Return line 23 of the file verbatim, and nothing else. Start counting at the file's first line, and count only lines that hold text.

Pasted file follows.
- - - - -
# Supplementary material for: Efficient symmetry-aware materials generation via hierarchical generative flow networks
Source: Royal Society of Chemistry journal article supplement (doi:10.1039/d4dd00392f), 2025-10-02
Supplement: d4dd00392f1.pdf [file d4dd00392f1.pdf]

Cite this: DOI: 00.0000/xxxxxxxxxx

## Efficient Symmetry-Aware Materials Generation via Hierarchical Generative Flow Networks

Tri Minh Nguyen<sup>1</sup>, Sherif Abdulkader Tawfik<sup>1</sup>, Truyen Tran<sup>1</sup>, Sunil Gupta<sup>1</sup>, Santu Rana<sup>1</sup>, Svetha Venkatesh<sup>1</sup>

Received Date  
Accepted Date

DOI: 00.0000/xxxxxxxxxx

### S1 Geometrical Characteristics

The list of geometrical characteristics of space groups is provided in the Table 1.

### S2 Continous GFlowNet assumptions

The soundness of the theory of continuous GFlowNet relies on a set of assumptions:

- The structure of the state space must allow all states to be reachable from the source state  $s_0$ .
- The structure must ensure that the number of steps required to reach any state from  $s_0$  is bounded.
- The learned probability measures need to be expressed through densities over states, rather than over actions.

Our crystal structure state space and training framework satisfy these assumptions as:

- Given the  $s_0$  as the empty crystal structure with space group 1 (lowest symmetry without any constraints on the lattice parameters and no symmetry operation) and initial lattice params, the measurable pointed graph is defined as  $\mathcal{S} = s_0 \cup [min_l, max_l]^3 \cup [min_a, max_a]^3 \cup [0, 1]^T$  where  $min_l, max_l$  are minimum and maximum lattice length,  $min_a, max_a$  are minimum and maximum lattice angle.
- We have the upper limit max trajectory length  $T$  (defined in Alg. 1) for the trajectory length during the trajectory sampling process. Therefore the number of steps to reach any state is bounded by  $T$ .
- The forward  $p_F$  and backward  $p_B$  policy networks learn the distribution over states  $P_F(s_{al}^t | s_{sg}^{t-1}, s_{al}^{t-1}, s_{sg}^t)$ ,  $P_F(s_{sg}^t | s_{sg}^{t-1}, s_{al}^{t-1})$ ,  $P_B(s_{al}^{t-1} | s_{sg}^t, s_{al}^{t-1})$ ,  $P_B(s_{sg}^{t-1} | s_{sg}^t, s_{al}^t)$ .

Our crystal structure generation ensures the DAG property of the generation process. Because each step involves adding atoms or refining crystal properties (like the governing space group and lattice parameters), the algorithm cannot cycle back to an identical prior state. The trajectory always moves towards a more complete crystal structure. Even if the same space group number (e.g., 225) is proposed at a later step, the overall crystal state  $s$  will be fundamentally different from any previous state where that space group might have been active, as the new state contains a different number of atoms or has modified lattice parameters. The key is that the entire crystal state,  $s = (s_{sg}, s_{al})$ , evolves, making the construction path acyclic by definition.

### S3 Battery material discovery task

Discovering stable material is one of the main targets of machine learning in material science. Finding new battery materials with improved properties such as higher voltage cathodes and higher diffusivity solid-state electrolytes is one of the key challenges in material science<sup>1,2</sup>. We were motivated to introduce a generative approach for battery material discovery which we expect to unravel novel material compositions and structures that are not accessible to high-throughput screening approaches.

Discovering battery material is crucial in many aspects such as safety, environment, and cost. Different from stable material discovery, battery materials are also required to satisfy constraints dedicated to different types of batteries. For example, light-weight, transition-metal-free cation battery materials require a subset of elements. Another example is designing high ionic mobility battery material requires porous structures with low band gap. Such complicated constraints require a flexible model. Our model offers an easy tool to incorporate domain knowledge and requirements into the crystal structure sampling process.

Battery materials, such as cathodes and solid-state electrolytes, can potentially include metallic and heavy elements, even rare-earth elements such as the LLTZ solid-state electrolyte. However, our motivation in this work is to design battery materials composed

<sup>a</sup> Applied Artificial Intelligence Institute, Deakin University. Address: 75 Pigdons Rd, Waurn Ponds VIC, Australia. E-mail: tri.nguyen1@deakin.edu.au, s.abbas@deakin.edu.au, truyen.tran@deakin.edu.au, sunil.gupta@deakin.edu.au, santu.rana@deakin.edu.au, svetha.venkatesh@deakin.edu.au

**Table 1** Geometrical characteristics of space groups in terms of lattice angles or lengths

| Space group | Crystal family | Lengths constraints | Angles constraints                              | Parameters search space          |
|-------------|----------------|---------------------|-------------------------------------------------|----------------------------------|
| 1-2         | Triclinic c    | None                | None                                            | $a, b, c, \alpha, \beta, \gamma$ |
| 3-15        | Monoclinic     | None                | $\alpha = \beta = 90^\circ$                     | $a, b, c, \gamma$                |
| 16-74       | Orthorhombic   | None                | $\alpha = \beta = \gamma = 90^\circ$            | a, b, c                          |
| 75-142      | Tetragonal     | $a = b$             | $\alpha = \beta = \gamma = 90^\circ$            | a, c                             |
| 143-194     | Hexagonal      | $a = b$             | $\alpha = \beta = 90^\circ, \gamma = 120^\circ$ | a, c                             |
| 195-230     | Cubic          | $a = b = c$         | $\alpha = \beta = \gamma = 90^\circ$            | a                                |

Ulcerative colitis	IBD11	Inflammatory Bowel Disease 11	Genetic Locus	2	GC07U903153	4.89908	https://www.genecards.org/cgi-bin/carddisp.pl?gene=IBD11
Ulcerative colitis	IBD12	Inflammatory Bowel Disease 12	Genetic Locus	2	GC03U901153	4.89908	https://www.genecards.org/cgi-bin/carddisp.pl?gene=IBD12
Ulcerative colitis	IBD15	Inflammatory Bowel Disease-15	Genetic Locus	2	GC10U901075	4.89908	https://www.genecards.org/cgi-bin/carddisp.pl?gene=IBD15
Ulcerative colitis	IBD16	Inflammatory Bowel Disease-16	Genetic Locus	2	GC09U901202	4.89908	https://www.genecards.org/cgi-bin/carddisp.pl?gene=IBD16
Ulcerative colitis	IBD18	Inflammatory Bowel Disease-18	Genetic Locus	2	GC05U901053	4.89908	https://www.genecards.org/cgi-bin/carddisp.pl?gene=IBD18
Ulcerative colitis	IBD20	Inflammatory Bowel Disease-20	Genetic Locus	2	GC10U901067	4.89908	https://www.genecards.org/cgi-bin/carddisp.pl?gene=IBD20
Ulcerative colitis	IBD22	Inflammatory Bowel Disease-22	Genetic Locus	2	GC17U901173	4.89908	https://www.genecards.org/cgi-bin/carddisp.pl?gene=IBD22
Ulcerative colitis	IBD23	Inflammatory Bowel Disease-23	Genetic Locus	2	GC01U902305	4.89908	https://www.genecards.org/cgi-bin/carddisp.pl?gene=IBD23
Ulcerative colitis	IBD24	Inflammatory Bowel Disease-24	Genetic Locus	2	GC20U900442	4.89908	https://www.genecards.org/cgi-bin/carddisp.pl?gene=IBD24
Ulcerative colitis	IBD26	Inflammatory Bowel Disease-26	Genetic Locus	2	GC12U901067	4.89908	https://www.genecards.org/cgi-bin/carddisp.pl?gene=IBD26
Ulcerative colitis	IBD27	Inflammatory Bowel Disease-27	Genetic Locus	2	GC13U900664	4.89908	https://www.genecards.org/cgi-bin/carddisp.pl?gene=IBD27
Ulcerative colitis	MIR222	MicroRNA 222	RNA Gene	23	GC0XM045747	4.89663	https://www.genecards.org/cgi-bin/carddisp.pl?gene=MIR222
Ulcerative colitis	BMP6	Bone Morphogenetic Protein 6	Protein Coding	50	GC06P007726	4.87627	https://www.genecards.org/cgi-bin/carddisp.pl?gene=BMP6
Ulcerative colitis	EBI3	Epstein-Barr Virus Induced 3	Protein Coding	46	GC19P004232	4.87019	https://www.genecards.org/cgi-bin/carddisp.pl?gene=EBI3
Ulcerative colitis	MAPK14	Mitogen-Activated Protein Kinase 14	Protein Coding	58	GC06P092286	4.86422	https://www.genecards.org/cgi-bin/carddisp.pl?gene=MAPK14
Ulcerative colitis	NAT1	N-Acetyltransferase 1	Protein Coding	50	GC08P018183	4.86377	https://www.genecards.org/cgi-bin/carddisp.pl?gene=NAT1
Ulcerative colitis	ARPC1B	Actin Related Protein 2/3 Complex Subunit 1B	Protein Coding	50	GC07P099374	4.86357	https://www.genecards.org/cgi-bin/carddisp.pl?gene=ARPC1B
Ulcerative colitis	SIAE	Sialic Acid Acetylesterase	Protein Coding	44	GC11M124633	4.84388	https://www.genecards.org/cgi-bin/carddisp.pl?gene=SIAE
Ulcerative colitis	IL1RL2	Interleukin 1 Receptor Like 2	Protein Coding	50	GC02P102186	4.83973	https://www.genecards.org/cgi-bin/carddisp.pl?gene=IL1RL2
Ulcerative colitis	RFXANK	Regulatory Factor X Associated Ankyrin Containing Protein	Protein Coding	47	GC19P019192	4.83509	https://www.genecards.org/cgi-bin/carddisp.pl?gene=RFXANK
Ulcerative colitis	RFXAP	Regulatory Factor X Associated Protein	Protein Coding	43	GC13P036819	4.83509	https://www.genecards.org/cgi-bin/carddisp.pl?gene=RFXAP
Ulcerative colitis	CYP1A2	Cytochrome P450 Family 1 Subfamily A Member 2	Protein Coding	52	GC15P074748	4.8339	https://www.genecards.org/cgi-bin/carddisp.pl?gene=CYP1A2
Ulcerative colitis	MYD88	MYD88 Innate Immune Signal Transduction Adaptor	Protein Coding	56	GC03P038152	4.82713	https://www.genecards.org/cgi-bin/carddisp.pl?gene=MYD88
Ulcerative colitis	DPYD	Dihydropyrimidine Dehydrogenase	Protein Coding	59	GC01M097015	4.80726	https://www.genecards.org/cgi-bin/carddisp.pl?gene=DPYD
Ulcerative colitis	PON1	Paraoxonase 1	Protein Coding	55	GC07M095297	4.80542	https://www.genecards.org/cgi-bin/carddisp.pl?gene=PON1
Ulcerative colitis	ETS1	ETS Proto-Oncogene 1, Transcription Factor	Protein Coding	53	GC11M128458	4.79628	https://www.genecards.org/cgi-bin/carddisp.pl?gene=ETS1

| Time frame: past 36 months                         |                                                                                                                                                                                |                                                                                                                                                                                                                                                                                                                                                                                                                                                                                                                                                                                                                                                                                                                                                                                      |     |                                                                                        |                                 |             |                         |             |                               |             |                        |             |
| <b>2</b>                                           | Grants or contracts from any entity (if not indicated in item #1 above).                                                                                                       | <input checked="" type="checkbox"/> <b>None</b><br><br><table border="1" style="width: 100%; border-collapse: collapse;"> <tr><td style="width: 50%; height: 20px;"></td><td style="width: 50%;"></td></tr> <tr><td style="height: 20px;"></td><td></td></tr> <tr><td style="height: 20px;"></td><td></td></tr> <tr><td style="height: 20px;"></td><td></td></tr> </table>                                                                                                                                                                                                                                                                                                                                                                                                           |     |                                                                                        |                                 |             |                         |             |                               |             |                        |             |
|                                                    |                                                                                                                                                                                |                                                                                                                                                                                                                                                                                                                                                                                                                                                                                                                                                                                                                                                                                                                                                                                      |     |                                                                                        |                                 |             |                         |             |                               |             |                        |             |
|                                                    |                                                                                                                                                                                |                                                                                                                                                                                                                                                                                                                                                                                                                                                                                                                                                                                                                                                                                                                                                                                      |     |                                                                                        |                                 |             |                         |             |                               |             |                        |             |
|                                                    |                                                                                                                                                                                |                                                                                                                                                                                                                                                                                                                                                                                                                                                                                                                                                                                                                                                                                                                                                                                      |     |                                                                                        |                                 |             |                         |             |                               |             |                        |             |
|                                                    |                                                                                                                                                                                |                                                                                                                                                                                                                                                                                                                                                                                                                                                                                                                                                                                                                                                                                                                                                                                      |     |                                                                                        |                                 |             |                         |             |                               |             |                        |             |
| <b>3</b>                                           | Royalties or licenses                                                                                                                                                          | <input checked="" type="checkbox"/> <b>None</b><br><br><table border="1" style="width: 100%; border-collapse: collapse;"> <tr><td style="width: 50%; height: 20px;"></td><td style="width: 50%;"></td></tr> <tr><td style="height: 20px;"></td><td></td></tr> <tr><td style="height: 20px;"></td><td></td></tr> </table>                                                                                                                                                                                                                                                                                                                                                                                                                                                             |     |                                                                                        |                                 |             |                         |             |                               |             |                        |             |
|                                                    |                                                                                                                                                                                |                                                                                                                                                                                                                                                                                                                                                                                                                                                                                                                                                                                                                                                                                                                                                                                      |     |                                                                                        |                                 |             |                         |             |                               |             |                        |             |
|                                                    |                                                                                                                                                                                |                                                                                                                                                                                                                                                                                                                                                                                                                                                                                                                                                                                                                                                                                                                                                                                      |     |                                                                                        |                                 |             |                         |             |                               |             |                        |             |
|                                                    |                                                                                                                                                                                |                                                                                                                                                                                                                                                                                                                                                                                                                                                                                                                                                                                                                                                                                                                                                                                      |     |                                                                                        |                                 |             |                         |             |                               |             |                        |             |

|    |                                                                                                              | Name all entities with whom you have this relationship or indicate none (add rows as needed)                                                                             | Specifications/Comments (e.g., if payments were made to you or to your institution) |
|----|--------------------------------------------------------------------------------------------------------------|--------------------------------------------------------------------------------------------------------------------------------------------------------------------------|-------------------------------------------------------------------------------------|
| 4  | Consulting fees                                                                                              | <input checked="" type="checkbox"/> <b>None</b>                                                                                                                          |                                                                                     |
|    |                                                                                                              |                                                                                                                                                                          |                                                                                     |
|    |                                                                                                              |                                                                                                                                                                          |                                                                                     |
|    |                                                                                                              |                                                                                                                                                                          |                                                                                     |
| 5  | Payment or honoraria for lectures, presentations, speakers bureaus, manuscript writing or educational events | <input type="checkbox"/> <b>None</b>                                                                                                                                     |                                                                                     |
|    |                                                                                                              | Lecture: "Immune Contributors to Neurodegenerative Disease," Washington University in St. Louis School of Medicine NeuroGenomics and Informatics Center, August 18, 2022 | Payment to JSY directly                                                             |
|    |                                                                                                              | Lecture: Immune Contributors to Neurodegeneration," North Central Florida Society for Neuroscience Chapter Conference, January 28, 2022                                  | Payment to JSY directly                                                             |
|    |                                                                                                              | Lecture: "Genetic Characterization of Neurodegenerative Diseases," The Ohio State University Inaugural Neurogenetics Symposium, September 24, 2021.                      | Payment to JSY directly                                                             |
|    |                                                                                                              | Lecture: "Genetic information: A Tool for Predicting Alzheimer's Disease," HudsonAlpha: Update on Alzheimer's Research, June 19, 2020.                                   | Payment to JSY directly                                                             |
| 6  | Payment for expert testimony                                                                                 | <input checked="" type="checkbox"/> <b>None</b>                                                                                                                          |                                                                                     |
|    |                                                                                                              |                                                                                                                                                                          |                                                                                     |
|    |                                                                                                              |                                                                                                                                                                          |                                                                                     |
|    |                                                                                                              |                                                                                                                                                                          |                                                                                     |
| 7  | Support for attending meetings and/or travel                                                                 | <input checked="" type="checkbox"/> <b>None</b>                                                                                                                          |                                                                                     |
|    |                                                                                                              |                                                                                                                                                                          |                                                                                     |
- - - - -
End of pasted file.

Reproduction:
Discovering stable material is one of the main targets of machine learning in material science. Finding new battery materials with improved properties such as higher voltage cathodes and higher diffusivity solid-state electrolytes is one of the key challenges in material science<sup>1,2</sup>. We were motivated to introduce a generative approach for battery material discovery which we expect to unravel novel material compositions and structures that are not accessible to high-throughput screening approaches.